Who Run the World? MATCH International and the Nobel Women’s Initiative

            About a month ago, uOttawa hosted an amazing speaking panel on women’s rights in Canada and abroad. The women who participated in the panel discussion were all female activists from Canada, Guatemala, Myanmar and Liberia. Not only were their stories incredible, but they were inspirational – these girls truly run the world!

            In 2012, MATCH International and the Nobel Women’s Initiative teamed up to launch the Young Women’s Rights Activists: Conversations in Canada speaking tour.  Now in its second year, the tour came to uOttawa and provided a platform for young women activists to share their stories with fellow women and students. The panelists are part of the Sister-to-Sister Mentorship program (which is part of the Nobel Women’s Initiative) where they learn how to effectively communicate their ideas, then apply those skills and share their stories with the Canadian public. At each stop in the tour, the international participants are paired up with Canadian activists from the area. While in Ottawa, the international participants were paired up with Yamikani Msosa and Nelly Bassily, both young women activists from Ottawa.

            Yamikani Msosa is a master’s feminist student at Carleton, and works at the sexual assault center. Nelly is a feminist advocate with Egyptian roots, who advocates for female equality in her home country. The international panelists included Gabriela Rivera, from Guatemala, Josephine Gekpelee, from Liberia, and Su Thet San, from Myanmar. Gabriela is a human rights lawyer in Guatemala, Josephine leads two talk shows in Liberia to empower marginalized and disabled women, and Su Thet is a field coordinator for post literacy programs in Myanmar schools.

            All these women shared some pretty amazing stories and experiences from their various countries. In Guatemala for instance, over 70,000 sexual harassment cases are filed each year. However, last year, only 700 made it to court. And of course, the police don’t care. Since not many women participate in politics or the legislature, no change is happening. In Liberia, 50% of the population lives under the world poverty line ($1.25 per day) and 50 % of the population is illiterate. While UN world treaties bind Liberia with offering compulsory and free primary education to all children, the laws are not used equally for everyone. In Myanmar, the country is bound by military law. There exists much torture and oppression. So again, it is very difficult to implement any laws that try to combat the horrible situation that women face. Even in Egypt, as Nelly explained, UN laws don’t really affect women, nor do they represent reality.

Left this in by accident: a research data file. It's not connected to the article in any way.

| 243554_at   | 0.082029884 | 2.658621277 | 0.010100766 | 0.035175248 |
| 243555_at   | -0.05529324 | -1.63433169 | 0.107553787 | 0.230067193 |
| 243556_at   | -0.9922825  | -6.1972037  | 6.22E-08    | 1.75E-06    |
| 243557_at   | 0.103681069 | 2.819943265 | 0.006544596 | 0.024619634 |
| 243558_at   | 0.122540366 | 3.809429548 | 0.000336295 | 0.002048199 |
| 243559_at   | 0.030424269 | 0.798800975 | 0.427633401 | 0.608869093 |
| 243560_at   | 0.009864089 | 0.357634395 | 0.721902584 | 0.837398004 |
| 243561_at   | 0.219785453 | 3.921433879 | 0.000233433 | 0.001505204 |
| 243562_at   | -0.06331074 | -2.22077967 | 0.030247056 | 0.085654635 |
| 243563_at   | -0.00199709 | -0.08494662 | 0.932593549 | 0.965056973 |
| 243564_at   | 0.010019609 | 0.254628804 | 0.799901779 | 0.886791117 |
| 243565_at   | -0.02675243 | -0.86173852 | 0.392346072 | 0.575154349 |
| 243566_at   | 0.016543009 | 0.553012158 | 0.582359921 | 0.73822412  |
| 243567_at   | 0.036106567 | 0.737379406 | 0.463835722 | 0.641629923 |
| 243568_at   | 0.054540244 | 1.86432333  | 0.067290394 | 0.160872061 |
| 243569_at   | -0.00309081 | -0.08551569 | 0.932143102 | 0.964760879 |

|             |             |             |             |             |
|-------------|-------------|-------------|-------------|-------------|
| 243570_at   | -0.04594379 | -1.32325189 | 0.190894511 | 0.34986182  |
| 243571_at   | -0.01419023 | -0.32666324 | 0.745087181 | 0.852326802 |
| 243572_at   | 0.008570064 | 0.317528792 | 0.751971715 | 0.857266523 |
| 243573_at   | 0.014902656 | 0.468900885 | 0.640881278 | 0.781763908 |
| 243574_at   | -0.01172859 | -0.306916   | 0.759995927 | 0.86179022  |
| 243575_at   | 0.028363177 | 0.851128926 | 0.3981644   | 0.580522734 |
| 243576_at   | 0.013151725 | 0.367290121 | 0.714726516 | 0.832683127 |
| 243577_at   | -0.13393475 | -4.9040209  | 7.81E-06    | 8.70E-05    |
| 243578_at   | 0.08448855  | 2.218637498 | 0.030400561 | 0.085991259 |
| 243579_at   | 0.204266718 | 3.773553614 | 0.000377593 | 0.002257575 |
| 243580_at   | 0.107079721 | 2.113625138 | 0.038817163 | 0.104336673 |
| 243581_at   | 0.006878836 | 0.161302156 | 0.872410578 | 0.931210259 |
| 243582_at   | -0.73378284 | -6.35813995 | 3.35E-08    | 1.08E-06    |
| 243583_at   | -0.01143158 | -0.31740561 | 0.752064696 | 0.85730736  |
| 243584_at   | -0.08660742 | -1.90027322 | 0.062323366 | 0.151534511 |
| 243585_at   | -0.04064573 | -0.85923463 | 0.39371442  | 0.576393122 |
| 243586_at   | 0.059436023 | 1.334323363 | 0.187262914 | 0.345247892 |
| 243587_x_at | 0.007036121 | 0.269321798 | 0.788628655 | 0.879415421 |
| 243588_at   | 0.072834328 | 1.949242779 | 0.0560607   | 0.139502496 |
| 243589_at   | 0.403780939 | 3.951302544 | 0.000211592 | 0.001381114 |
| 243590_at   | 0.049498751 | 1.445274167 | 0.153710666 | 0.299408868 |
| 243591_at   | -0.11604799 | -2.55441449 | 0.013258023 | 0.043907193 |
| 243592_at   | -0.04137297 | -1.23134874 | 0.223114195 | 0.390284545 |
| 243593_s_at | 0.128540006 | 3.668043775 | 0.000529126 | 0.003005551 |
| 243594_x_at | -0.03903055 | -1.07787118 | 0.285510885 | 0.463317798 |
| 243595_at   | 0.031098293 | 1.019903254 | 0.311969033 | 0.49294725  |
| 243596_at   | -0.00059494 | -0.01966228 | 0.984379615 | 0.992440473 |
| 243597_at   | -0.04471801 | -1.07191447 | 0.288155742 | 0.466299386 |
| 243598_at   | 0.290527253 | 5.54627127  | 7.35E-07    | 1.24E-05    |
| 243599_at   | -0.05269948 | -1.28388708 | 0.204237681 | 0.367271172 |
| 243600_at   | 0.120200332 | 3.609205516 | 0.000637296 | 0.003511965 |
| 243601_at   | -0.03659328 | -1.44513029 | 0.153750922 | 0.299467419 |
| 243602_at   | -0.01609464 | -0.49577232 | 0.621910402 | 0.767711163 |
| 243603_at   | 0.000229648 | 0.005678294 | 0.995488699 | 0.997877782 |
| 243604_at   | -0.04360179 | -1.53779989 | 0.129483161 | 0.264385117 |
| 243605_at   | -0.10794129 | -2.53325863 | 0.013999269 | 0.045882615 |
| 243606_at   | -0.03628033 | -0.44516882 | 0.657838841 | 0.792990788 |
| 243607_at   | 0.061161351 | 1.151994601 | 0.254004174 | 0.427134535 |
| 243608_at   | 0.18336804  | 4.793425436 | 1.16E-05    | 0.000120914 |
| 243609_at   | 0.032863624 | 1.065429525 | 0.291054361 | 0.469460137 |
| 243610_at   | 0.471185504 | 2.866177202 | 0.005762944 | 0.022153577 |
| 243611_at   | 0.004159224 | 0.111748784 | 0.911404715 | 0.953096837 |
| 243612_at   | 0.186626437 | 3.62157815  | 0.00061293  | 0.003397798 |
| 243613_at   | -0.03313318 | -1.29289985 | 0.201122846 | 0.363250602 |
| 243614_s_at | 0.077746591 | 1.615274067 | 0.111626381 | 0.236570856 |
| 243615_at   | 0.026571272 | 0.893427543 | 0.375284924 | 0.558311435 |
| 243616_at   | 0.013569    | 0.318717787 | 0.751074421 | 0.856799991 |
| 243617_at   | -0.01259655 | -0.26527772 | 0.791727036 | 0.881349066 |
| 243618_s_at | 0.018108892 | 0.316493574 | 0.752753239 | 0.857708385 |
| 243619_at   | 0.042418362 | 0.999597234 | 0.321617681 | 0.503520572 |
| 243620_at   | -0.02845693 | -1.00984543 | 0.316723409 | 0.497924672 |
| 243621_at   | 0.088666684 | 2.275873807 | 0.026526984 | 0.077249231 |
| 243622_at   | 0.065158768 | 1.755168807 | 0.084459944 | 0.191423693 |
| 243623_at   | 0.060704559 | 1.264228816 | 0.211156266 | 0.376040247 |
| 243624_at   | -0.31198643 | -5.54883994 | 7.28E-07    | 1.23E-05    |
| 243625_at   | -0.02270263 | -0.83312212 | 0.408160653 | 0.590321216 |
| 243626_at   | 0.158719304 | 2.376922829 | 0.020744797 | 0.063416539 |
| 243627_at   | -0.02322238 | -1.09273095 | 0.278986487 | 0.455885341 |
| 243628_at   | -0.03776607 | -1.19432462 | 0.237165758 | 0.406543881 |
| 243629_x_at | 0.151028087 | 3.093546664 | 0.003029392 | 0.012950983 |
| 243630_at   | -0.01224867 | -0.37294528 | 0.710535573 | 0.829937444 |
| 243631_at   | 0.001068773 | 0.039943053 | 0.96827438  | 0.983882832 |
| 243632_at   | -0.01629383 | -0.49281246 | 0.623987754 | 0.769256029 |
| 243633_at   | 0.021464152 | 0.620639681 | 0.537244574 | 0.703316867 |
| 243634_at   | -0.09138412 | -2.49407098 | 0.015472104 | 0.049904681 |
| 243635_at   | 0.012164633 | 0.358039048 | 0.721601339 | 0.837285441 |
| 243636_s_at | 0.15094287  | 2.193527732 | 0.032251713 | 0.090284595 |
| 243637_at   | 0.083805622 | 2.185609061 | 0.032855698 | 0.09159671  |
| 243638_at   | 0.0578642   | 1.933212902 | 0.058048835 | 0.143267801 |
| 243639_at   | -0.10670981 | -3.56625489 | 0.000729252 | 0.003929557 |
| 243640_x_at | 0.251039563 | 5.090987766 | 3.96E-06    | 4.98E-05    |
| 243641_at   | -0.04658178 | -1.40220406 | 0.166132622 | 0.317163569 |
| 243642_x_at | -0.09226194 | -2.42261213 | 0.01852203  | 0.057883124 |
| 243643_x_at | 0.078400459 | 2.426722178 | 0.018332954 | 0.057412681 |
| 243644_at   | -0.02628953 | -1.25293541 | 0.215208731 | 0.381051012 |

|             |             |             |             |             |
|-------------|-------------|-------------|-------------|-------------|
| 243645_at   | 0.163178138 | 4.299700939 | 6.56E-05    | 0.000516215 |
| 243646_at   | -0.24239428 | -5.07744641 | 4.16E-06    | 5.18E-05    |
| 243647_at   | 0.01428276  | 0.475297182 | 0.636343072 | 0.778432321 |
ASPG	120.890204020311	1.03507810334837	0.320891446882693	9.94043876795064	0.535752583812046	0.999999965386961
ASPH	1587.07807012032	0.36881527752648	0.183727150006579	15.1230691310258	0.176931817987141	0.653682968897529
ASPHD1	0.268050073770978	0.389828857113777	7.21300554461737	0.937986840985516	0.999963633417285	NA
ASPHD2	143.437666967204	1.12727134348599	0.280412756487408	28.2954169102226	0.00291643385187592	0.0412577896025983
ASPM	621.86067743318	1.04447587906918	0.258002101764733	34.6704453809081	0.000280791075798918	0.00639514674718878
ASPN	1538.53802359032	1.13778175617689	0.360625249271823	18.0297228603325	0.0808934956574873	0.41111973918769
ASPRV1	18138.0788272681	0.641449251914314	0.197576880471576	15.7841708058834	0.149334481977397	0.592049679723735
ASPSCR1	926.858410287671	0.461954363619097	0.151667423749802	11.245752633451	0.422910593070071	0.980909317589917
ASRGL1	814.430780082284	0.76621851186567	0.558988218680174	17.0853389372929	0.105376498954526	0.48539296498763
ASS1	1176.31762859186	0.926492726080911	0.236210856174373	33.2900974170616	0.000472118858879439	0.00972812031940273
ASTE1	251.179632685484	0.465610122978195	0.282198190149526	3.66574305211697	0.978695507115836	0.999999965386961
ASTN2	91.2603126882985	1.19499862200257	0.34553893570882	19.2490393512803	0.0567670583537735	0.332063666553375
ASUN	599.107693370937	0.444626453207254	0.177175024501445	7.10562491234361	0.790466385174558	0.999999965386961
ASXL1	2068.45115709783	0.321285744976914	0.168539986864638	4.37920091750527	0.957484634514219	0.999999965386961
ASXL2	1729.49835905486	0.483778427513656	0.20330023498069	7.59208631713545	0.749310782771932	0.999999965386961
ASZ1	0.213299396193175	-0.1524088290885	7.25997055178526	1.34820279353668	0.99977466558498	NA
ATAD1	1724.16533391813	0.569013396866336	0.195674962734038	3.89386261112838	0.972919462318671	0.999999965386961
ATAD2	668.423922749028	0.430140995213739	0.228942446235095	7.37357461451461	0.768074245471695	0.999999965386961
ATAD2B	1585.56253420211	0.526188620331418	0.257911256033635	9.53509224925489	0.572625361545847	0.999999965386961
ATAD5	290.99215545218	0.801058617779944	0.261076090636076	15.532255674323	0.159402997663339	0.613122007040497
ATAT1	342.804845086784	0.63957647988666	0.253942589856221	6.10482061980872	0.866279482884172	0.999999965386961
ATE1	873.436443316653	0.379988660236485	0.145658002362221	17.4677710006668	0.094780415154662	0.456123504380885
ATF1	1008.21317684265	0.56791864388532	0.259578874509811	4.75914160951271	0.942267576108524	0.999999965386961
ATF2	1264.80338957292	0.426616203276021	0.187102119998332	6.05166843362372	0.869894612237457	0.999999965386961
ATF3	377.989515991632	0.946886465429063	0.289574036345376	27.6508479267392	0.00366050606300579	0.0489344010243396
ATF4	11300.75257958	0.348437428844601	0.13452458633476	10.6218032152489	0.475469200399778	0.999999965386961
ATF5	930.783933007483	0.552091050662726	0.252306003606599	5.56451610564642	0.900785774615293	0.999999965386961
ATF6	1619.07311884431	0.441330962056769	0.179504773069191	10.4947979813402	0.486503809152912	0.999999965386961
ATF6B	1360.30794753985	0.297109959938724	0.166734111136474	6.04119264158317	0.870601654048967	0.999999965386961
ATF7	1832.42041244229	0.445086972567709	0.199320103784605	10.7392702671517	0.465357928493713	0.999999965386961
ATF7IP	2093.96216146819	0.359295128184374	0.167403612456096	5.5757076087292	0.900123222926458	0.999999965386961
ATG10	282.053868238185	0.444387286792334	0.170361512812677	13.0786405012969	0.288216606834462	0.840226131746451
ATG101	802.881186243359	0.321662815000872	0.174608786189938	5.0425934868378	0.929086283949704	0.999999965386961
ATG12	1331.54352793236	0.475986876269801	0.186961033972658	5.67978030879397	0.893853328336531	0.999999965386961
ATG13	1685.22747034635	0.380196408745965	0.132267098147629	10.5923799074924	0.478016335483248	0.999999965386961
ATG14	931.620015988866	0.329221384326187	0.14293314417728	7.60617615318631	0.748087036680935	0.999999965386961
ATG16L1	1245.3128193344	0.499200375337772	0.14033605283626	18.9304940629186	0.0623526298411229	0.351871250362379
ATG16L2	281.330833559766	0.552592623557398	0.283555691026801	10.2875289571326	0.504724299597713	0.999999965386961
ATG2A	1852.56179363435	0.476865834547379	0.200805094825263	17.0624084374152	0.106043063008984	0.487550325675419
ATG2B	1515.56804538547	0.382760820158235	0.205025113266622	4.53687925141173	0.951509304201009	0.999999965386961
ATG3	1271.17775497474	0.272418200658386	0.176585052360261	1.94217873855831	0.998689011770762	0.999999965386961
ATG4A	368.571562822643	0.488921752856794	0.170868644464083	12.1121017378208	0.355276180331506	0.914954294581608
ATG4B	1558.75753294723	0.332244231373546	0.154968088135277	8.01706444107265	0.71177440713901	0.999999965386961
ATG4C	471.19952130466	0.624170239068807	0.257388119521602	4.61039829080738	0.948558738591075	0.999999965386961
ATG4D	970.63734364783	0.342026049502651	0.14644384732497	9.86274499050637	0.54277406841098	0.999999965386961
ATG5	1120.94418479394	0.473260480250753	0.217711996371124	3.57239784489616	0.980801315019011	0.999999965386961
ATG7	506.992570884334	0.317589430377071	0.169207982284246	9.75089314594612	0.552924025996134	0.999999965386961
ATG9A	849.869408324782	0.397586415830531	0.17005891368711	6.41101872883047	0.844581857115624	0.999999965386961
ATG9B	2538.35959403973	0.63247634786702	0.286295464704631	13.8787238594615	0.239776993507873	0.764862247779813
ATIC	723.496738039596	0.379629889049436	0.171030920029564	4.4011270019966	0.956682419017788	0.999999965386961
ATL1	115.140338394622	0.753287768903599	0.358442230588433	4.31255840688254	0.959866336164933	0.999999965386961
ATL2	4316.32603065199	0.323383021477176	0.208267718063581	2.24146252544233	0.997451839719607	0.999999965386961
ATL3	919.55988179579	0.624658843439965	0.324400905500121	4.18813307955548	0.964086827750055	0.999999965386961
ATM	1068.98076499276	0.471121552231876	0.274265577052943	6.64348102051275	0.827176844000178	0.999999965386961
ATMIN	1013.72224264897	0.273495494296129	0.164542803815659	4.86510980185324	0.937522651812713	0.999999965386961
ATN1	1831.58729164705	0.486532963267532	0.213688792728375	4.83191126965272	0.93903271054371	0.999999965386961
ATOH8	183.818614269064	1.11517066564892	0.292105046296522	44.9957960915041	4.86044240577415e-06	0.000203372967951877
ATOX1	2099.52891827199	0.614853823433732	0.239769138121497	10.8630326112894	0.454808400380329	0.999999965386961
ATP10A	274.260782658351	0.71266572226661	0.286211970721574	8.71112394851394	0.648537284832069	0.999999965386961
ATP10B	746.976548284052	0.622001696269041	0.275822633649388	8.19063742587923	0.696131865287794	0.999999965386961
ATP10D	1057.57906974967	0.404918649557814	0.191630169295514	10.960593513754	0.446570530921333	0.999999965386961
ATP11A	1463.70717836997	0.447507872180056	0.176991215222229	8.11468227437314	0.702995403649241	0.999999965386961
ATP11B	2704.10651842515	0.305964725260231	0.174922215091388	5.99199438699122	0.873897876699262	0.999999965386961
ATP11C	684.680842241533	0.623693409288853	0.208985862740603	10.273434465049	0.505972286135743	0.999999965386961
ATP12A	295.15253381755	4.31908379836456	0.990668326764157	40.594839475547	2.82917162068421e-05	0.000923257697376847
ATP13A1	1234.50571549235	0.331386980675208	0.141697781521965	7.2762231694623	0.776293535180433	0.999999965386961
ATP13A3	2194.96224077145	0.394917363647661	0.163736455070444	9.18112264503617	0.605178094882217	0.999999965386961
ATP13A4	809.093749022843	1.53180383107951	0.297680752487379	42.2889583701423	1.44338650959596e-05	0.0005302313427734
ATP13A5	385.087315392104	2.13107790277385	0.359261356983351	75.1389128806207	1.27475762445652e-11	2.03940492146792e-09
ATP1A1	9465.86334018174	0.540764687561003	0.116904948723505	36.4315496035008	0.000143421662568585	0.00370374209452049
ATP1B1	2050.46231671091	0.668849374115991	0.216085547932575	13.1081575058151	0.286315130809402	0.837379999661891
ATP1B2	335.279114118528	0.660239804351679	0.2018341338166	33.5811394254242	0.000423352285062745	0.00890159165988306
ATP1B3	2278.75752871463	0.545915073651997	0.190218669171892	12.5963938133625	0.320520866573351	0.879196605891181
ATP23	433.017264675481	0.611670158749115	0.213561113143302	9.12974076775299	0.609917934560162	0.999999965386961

It is because of these stories that MATCH International and the Nobel Women’s Initiative put together this event. Considering the amazing work they have done, MATCH International deserves to be highlighted.  MATCH International was founded in 1976 by two Canadian women who were inspired into action after attending the United Nation’s First World Conference on Women, held in Mexico City. The organization was founded to MATCH the needs of Canadian women with the needs of women in the global south. They have now achieved this through the foundation of Canada’s first international fund for women, which funds women’s rights organization around the world to make lasting changes in the lives of women and girls. 

            MATCH International is always grateful for the support they receive from students across Canada. If you are interested in learning more about the organization, you can check out their facebook page, or their website. From time to time, they host student volunteers in their Ottawa office. However, the best way to get involved is to like them on facebook and twitter, and subscribe to their e-newsletter and blog.

            Spread the word and create a discussion. After all, according to Nelly, we must have solidarity towards each other. We all understand each other.


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